And don’t call me Shirley

Though I’ve moaned about it before, here I go again: Writing com­edy is hard. In the curi­ous n-dimen­sion­al space of com­edy fic­tion, only one path is funny; all oth­ers will eli­cit “Eh?”, “What?” and/or the slap­ping sound of a palm meet­ing fore­head. So most days spent writ­ing a com­edy nov­el are days of mourn­ing as dead jokes are removed and bur­ied. The good jokes, mean­while, weak­en with repe­ti­tion until you’re sure the whole book is about as funny as a hous­ing con­tract. If you’re very lucky, the book might con­tain three or four gags that still raise a smile, even when you’re proofread­ing for the fourth time.

The book I’m cur­rently writ­ing is called Proper Job, and since fin­ish­ing the first, bloated draft at the start of the sum­mer, I have worked over (the viol­ent meta­phor is appro­pri­ate, trust me) the draft about ten times. The first draft was around 85,000 words. Now it’s down to — let me check — 71,000. I’ve deleted one or two scenes and reshuffled oth­ers, but most of those 14,000 words are deleted jokes. When you think about it, 14,000 words con­tain a lot of jokes.

Since this is my first com­edy nov­el, I have, nat­ur­ally enough, a sus­pi­cion that the nov­el isn’t funny at all. (I’ve since had my girl­friend, who is a tough crit­ic, read it through and pro­nounce it funny, but the doubt still remains because the pos­sib­il­ity remains.)

So I was quite buoyed by a pur­chase I made earli­er this week: the film Airplane! on DVD. This film, from 1979 and star­ring Leslie Nielsen among oth­ers, ranks as a com­edy clas­sic for most people. I saw it again and again as kid, and gags from the film became a secret lan­guage for my cadre of friends. I think it’s prob­ably the fun­ni­est film I’ve ever seen, though Top Secret comes a close second. It must be added that being an adoles­cent male at the time of first view­ing put me in a good pos­i­tion to appre­ci­ate some of the humour!

I bought the DVD to get some per­spect­ive on Proper Job — i.e. remind myself of the level of qual­ity I need to aim for, even if I miss by a mile — but the real treas­ure on this DVD is the director’s com­ment­ary. For those who aren’t famil­i­ar with this fea­ture, such a com­ment­ary com­prises one or two people (usu­ally the writer and dir­ect­or) dis­cuss­ing aspects of the film as it unfolds. It was great mor­ale boost­er to hear the three writer/directors (Jim Abrahams, David Zucker and Jerry Zucker) cringe at the jokes that didn’t work, explain some of the obscurer ref­er­ences, and talk about the devel­op­ment of the film.

The ori­gin­al cut was long — more than three hours. Over the course of sev­er­al months, the dir­ect­ors tested and tested and tested the film in front of pre­view audi­ences. They cut gag after gag. The movie shrank. They recor­ded the audi­ence reac­tion dur­ing early screen­ings and cut the film togeth­er with this ‘laugh track’ so that they could be sure that they had included the fun­ni­est bits. The final run­ning time was 78 minutes.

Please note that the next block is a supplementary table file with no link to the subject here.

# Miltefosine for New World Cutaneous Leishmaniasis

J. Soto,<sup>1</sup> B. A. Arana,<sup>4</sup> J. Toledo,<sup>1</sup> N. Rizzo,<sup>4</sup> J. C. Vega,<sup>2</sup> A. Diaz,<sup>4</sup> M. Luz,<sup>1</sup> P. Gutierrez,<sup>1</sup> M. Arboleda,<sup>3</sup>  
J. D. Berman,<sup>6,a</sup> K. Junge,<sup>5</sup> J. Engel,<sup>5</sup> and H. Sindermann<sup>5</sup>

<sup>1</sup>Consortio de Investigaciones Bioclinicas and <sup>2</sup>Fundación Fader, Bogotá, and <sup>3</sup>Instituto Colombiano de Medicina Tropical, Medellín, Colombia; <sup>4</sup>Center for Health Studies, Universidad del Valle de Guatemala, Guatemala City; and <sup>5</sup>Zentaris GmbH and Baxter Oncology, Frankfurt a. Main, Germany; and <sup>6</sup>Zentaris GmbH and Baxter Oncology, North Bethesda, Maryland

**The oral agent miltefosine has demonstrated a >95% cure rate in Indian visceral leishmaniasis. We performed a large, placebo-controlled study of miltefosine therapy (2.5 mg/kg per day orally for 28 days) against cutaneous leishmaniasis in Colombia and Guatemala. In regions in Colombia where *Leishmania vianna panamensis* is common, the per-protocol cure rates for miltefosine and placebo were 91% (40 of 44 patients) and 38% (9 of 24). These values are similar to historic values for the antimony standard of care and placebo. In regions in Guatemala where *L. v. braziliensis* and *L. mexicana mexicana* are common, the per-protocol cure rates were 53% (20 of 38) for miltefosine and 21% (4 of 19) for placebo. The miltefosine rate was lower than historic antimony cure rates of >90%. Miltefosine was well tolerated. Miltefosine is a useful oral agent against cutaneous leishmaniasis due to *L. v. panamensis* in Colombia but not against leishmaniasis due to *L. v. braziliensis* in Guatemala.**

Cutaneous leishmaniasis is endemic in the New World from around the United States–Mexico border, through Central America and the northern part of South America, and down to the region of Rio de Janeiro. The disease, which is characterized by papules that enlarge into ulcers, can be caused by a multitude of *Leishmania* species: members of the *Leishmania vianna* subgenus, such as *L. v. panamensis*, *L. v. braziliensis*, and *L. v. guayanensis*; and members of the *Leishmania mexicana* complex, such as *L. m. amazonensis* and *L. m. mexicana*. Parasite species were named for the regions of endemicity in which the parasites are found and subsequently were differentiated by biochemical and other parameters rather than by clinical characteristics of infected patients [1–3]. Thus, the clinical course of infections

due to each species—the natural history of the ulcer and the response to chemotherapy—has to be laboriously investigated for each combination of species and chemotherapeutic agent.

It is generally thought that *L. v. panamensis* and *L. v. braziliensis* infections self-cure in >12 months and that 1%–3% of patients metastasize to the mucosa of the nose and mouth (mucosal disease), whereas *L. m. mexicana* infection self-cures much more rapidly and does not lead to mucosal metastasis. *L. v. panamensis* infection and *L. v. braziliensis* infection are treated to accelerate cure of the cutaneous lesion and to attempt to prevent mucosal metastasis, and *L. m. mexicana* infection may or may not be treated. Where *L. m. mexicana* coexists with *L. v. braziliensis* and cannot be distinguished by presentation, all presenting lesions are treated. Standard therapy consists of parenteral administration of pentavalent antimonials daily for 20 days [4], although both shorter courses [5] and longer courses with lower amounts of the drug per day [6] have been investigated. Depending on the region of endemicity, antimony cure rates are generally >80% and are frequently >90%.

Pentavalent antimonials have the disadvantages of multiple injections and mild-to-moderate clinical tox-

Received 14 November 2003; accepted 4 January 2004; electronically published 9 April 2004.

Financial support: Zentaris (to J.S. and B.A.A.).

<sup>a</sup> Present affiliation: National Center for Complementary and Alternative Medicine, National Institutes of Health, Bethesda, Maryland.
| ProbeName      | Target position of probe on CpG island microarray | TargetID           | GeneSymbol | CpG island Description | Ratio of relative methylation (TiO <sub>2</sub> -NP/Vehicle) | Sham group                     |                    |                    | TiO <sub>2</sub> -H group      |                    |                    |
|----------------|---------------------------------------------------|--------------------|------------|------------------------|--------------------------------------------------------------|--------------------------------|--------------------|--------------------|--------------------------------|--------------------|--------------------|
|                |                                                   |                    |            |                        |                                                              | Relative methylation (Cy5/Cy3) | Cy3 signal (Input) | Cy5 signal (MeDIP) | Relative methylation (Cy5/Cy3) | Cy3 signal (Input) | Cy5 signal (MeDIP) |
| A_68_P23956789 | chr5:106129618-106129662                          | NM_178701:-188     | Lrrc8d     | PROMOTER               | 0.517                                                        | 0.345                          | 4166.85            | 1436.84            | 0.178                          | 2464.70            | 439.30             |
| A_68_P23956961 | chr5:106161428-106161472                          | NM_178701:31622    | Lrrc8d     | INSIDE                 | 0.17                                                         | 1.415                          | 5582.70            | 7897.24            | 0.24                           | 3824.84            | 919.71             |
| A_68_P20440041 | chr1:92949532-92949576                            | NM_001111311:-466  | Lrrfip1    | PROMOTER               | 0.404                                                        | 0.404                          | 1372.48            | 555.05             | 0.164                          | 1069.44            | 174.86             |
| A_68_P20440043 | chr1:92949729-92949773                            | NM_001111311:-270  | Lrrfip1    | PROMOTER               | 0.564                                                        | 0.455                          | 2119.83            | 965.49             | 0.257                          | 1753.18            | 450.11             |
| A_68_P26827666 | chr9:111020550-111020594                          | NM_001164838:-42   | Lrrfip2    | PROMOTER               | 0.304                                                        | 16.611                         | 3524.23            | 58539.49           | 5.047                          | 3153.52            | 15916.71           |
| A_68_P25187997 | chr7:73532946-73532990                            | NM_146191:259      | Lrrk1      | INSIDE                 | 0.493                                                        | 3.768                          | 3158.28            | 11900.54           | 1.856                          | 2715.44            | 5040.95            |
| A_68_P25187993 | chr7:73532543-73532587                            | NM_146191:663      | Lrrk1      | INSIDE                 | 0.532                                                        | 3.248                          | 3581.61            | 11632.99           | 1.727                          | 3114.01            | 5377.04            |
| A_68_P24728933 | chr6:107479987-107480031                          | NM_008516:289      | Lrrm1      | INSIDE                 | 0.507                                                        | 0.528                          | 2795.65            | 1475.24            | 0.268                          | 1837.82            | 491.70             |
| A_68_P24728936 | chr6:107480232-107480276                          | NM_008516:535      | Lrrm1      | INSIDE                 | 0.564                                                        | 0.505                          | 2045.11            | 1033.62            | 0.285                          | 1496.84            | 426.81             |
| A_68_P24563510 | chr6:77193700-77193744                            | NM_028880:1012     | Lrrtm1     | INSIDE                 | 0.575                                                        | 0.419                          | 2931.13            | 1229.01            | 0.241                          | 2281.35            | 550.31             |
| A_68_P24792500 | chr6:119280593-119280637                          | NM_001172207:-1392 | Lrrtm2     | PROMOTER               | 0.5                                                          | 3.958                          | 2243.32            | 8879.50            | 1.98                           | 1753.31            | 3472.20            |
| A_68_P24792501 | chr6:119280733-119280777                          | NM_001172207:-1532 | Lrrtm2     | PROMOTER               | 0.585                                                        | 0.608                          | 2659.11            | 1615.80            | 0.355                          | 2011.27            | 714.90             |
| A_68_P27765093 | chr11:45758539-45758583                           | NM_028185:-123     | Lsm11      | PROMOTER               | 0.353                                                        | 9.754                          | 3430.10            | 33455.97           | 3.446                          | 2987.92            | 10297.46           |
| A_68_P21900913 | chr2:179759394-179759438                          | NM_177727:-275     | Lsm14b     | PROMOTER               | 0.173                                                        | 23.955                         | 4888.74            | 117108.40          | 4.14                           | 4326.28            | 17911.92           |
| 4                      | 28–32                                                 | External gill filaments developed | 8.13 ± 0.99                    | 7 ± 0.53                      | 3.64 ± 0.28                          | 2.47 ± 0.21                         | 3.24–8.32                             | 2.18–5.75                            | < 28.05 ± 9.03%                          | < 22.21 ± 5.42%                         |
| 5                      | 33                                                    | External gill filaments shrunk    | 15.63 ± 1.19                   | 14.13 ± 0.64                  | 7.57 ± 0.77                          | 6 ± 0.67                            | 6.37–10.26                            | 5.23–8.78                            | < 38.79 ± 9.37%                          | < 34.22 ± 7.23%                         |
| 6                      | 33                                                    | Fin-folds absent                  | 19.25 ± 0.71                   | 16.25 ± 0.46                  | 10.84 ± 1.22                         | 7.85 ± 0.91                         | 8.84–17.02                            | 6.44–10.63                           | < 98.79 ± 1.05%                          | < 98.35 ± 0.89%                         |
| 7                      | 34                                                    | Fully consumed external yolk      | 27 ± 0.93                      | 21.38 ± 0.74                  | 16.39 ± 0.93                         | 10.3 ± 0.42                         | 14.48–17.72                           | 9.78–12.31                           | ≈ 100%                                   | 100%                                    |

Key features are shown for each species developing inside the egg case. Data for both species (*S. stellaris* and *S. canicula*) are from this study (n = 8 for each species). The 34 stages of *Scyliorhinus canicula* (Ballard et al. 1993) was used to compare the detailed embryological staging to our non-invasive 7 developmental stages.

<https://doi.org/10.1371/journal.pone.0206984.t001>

I’ve been work­ing over the manu­script of Proper Job for so long (it’s taken all my spare time since last Christmas) that I’ve grown pretty sick of it, but hear­ing the director’s com­ment­ary for this great com­edy film has reas­sured me that, even when the product is a straight, fast-paced piece of fun, you can only get this kind of product when you invest the neces­sary time and energy. That means feed­back and lots of it, a ruth­less atti­tude to the bits that don’t work, and a genu­ine belief in what you’re doing. That isn’t easy, and it isn’t meant to be. You forge a good knife by beat­ing the shit out of it, by fold­ing the met­al again and again until you’re knackered. And then, the next day, you get up and do it again.

In my case, the res­ult may or may not amount to much. But it cer­tainly worked for the guys who put togeth­er Airplane!, so I’ll crack on.


Written while listen­ing to Starry Eyed Surprise from the album “Bunkka” by Paul Oakenfold

Author: Ian Hocking

Writer and psychologist.

One thought on “And don’t call me Shirley”

  1. Stick at it Ian. Remember that the film­ing of every Blackadder epis­ode was abso­lute misery for the cast as they had ana­lysed every joke to death in order to ensure it was funny. I’m sure your joke cull­ing, whilst not much fun for you, will make for a bet­ter, more chuckle­some, nov­el for your read­ers.

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